I was rifling through the pockets of my father’s Air Force dress uniform, looking for tobacco or maybe even cash, and found only a little black booklet with RESTRICTED in big yellow letters on the cover. Exciting! It said something like Authorized RCAF Intelligence Personnel Only, so of course I opened it; what could be the worst they’d do to a treasonous little kid? I don’t think they had juvenile courts martial back then.
Anyhoo, the big military secret turned out to be nothing but a course in intermediate Russian. Refusing to be underwhelmed, I added up Restricted + Intelligence + Russian and “decided” that my dad had been a spy. Maybe he still was, as he had remained in the Air Force Reserve post-war. Or maybe not. He did his war service on the sensible side of the Pacific, and I understand that he was a radio operator with the rank of Sergeant, and that the Air Force taught him Russian so he could listen in on what our not-to-be-trusted “allies” had to say for themselves. His achievement in Russian seemed to have been in comprehension and not so much in conversation. Who knows but that if he’d better mastered the latter skill he couldn’t have prevented the Cold War? I have always blamed him for not doing so.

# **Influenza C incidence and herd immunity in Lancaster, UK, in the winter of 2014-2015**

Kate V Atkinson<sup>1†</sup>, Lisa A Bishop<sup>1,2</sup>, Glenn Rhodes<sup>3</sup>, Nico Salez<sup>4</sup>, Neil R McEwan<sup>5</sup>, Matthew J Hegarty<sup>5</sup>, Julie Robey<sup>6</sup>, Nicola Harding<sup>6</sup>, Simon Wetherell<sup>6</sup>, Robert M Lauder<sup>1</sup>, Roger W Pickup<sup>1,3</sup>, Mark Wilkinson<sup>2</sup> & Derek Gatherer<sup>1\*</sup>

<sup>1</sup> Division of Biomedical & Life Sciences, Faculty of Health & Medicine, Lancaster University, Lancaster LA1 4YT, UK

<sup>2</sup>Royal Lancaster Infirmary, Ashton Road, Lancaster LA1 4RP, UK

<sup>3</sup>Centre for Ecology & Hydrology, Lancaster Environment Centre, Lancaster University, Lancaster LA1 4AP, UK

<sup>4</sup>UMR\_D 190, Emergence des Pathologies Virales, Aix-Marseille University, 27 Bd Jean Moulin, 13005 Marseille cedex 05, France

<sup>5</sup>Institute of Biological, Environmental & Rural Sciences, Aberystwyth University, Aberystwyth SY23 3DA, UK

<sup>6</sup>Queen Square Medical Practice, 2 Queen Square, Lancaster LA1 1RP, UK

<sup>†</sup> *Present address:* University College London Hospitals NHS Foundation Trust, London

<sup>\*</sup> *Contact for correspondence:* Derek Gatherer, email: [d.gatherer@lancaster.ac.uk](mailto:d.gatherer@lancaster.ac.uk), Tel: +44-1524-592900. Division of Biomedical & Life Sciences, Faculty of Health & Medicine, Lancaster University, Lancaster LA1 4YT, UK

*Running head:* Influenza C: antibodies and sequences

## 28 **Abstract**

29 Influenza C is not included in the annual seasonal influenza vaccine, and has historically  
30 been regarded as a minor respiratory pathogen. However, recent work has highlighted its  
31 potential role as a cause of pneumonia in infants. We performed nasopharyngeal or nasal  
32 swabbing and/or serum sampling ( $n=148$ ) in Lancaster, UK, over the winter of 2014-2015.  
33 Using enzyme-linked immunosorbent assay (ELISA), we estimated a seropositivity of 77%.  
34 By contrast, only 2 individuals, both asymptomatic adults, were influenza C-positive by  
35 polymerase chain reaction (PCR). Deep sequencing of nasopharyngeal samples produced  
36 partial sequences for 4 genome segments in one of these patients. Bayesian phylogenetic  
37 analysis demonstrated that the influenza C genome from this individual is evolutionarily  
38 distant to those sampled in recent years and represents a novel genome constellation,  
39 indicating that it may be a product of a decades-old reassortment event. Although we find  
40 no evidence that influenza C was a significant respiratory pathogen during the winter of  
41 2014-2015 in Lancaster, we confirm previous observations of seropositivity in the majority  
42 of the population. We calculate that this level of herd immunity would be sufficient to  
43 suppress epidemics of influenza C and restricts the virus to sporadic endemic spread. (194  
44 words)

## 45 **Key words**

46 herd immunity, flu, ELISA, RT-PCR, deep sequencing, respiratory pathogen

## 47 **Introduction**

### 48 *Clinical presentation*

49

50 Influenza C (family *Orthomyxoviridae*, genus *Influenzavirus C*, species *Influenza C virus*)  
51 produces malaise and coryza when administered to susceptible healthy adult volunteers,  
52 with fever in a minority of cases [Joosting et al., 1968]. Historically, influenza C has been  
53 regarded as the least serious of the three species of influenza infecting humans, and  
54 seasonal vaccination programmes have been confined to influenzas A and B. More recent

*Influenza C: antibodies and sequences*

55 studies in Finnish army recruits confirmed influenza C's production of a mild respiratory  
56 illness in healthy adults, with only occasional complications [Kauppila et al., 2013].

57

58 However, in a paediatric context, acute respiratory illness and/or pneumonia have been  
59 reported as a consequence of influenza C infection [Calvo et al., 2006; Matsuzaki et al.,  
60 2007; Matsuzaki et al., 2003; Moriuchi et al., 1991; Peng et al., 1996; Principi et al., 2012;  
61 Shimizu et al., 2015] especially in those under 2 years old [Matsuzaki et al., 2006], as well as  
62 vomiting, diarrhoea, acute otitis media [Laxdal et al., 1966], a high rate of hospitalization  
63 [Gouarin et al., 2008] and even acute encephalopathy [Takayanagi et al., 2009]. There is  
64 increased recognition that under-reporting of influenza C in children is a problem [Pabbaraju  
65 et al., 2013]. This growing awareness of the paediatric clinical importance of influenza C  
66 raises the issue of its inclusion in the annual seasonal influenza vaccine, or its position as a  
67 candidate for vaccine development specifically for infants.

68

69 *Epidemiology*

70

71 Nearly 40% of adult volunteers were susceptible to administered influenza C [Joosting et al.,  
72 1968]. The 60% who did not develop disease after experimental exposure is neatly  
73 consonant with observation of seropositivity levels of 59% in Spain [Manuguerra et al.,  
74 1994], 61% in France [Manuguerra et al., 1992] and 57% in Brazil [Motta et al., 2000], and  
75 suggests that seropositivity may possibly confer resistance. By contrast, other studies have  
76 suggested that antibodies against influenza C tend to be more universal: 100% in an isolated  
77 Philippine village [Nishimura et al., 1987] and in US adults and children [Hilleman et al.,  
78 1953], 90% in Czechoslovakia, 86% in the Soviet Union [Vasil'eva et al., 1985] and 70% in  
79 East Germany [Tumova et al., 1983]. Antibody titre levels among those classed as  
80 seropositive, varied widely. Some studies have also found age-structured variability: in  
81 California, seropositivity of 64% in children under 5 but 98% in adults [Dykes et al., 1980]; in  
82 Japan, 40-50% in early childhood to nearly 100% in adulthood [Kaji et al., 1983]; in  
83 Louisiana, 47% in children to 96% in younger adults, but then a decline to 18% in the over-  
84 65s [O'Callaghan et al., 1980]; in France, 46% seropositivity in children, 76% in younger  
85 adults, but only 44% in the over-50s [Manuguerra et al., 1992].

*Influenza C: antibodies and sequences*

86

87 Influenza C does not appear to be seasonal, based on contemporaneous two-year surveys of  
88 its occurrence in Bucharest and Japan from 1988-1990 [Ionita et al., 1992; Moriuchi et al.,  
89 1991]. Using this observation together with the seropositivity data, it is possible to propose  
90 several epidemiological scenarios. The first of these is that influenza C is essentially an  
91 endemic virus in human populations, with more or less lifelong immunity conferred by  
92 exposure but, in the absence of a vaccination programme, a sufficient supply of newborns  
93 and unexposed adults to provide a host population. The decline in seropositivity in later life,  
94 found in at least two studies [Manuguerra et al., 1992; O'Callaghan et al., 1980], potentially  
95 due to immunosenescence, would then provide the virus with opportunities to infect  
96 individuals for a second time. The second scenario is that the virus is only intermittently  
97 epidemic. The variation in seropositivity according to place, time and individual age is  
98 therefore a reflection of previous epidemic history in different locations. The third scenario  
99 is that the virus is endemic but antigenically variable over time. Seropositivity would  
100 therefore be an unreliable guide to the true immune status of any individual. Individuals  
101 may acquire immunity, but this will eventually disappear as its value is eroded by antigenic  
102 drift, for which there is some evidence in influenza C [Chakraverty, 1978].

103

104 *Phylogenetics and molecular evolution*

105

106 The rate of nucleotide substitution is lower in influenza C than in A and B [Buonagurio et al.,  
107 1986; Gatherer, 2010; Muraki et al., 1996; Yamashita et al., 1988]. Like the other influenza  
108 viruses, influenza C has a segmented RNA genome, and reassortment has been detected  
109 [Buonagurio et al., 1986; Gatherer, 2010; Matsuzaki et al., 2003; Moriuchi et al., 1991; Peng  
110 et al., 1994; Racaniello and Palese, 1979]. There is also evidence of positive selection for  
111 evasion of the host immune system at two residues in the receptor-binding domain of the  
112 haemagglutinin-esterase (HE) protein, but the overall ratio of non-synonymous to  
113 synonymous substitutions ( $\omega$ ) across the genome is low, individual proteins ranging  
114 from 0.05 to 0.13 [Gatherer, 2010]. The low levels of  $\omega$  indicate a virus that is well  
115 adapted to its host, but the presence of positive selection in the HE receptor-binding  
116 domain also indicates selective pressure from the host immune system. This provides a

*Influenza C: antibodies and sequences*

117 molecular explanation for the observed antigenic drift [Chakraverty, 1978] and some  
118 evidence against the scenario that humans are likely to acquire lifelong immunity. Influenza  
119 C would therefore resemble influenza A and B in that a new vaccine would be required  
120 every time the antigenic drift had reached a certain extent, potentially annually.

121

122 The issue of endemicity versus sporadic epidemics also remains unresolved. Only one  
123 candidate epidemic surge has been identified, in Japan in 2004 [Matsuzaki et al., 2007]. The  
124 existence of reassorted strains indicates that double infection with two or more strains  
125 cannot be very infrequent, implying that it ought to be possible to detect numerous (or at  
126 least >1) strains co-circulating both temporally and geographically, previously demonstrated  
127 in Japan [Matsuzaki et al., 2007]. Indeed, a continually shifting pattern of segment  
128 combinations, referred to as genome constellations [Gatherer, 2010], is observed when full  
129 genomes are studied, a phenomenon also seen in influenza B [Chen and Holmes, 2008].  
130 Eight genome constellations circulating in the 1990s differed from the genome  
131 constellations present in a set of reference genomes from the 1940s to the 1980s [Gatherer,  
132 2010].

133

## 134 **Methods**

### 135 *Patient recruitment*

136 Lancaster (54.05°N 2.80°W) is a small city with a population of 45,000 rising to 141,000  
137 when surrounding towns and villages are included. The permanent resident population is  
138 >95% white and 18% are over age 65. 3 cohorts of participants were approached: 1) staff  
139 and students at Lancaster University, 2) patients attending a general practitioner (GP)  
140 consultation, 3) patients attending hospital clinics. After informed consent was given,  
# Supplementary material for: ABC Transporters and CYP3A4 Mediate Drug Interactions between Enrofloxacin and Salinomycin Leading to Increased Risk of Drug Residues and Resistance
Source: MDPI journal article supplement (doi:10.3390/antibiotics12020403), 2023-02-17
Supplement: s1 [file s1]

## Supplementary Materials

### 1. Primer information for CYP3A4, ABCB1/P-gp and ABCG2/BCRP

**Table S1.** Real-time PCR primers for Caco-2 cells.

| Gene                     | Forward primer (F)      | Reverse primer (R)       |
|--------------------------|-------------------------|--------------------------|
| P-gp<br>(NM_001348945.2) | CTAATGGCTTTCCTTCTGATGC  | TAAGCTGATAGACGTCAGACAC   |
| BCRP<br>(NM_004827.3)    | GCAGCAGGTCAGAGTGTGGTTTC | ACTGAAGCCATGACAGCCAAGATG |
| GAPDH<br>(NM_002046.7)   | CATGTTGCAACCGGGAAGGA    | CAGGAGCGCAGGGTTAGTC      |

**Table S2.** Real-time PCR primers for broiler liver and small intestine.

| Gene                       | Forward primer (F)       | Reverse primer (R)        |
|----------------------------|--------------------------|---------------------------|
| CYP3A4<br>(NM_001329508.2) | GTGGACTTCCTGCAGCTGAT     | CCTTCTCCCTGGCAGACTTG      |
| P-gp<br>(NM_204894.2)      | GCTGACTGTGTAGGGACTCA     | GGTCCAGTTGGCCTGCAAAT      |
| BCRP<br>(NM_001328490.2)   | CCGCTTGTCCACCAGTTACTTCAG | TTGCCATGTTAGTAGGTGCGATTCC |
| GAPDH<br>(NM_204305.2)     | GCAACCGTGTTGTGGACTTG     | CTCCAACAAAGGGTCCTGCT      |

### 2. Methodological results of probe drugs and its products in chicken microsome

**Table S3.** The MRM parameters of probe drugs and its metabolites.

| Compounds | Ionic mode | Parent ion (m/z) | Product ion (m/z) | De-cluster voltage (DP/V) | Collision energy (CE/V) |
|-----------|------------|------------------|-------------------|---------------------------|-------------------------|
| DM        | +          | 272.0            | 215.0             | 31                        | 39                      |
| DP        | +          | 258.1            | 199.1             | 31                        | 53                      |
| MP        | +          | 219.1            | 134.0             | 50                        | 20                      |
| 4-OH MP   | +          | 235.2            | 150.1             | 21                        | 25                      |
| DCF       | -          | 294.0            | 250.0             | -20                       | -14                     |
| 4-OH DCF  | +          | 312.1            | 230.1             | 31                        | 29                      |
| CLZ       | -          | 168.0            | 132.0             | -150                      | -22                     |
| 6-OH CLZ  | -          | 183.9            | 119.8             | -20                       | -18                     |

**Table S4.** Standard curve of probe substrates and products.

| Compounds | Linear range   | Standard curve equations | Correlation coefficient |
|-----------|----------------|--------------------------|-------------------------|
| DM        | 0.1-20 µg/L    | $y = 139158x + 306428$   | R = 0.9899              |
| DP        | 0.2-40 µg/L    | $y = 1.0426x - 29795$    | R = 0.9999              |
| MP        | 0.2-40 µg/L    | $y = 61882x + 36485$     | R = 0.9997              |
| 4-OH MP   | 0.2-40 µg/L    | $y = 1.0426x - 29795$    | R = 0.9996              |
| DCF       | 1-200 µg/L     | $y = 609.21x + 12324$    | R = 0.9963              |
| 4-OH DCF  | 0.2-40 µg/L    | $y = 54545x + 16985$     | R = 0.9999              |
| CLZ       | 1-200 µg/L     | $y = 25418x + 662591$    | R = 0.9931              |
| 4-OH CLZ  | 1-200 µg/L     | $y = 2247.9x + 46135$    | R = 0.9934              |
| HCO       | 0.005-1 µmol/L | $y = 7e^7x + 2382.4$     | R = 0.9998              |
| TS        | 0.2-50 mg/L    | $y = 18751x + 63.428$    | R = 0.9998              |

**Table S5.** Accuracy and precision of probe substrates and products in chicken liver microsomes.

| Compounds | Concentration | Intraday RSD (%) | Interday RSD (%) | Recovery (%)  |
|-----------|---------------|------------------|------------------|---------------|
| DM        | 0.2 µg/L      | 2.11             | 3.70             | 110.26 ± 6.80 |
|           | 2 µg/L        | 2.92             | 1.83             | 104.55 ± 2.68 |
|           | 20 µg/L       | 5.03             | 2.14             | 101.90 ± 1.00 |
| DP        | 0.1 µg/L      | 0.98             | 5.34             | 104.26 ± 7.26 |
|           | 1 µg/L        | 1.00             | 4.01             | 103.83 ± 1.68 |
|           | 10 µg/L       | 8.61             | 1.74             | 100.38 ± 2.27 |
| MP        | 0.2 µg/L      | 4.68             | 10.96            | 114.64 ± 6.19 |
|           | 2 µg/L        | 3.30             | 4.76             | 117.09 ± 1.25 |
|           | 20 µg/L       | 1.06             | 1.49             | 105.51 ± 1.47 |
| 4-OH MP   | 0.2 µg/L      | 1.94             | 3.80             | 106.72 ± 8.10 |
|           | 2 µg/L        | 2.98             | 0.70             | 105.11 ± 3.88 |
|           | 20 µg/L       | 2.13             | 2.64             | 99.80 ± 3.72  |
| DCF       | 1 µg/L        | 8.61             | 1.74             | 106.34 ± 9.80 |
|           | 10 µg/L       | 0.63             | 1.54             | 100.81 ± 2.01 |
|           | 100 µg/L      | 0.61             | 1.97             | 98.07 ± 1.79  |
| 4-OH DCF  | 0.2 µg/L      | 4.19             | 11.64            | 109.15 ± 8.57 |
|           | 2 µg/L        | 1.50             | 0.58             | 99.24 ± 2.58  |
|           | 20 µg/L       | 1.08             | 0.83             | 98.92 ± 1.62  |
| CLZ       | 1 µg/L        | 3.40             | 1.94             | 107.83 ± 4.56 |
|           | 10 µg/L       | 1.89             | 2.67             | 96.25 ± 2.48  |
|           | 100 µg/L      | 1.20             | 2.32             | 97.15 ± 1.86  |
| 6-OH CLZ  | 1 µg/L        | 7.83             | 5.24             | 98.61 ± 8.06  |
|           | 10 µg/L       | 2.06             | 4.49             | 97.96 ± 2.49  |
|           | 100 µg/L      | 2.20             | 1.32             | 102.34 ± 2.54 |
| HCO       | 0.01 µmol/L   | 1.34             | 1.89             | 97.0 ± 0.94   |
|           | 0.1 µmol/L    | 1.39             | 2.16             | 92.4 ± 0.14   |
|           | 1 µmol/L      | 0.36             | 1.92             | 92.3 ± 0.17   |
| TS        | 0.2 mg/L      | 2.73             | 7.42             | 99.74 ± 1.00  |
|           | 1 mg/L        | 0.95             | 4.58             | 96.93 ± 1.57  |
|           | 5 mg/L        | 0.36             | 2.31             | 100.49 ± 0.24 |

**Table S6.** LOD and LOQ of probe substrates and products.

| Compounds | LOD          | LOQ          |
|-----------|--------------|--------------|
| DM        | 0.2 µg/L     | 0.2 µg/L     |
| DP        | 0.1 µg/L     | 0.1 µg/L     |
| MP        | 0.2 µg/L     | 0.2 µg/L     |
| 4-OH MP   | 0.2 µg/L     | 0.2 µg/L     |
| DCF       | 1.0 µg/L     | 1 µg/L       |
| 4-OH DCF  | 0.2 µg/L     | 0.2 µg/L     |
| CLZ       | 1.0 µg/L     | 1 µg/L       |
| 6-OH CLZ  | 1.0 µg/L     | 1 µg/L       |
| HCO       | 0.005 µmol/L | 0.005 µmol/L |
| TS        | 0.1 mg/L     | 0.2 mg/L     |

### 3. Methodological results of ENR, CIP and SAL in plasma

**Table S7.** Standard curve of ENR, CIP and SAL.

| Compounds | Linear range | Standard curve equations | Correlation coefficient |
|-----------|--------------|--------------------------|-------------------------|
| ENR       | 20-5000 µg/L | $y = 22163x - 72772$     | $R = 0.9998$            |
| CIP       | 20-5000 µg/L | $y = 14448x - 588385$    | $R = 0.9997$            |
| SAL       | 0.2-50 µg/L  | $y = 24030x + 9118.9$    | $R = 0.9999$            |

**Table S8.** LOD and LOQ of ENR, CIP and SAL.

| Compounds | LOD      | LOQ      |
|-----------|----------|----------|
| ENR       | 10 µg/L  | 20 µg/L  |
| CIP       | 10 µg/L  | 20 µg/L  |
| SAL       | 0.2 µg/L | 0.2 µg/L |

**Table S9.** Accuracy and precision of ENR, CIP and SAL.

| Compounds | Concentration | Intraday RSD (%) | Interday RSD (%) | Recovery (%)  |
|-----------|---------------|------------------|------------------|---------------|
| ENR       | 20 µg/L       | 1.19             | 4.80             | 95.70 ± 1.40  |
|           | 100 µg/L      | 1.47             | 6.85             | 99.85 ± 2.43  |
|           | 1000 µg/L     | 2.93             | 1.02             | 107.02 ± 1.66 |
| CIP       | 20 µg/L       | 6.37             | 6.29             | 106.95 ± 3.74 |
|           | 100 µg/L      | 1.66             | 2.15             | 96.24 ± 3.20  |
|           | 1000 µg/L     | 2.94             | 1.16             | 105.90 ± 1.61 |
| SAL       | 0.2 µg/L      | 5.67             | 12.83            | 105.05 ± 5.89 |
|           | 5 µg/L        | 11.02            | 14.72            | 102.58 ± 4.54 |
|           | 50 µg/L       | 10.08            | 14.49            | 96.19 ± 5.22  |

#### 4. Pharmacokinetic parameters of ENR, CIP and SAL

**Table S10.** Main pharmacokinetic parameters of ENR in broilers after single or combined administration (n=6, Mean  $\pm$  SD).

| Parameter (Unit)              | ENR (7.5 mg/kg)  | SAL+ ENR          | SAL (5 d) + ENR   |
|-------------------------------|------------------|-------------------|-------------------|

He had the same problem with French: he could read it and get the jokes on French TV, but couldn’t speak it to save his life, so could not carry on a conversation with his French-Canadian neighbours. Then again, why would he, what with there being no talking to the French?
From the restricted textbook I taught myself the Russian alphabet, but it wouldn’t be till high school that I learned a meaningful phrase in Russian, from the older classmate who introduced me to Samuel Beckett, the Greek & Roman philosophers, and marijuana: I guess this made him my guru, so it was a shock to learn that a decade later he’d been jailed for crimes against pre-schoolers. The phrase was “Любовь не картошка.” It’s pronounced something like “Lyubov nya katorshka” and means, of course, “Love is not a potato.” Useful to know, but on balance I’d rather have learned this from my father the failed peacemaker. Too bad we never had “that chat”.
Not so long ago I had an elderly English drinking buddy, Roy Snow, who’d served in the RAF in the Battle of Britain, prior to which he and many of his compatriots trained at the RCAF base in Carberry, a little bit west of Winnipegland. I asked him whether the English flyboys had had much social intercourse with the locals. They had indeed, so I told him that we’d had a Somerville Avenue neighbour named Beryl, born and raised in Carberry and eighteen or so at the time he was stationed there. I posited that they may well have met once or twice at the Saturday night dance, and then I let my imagination run wild: “So, Roy, do you think you might have… I mean, I guess you probably…er…”
“RAF, William, RAF. Of course I did.”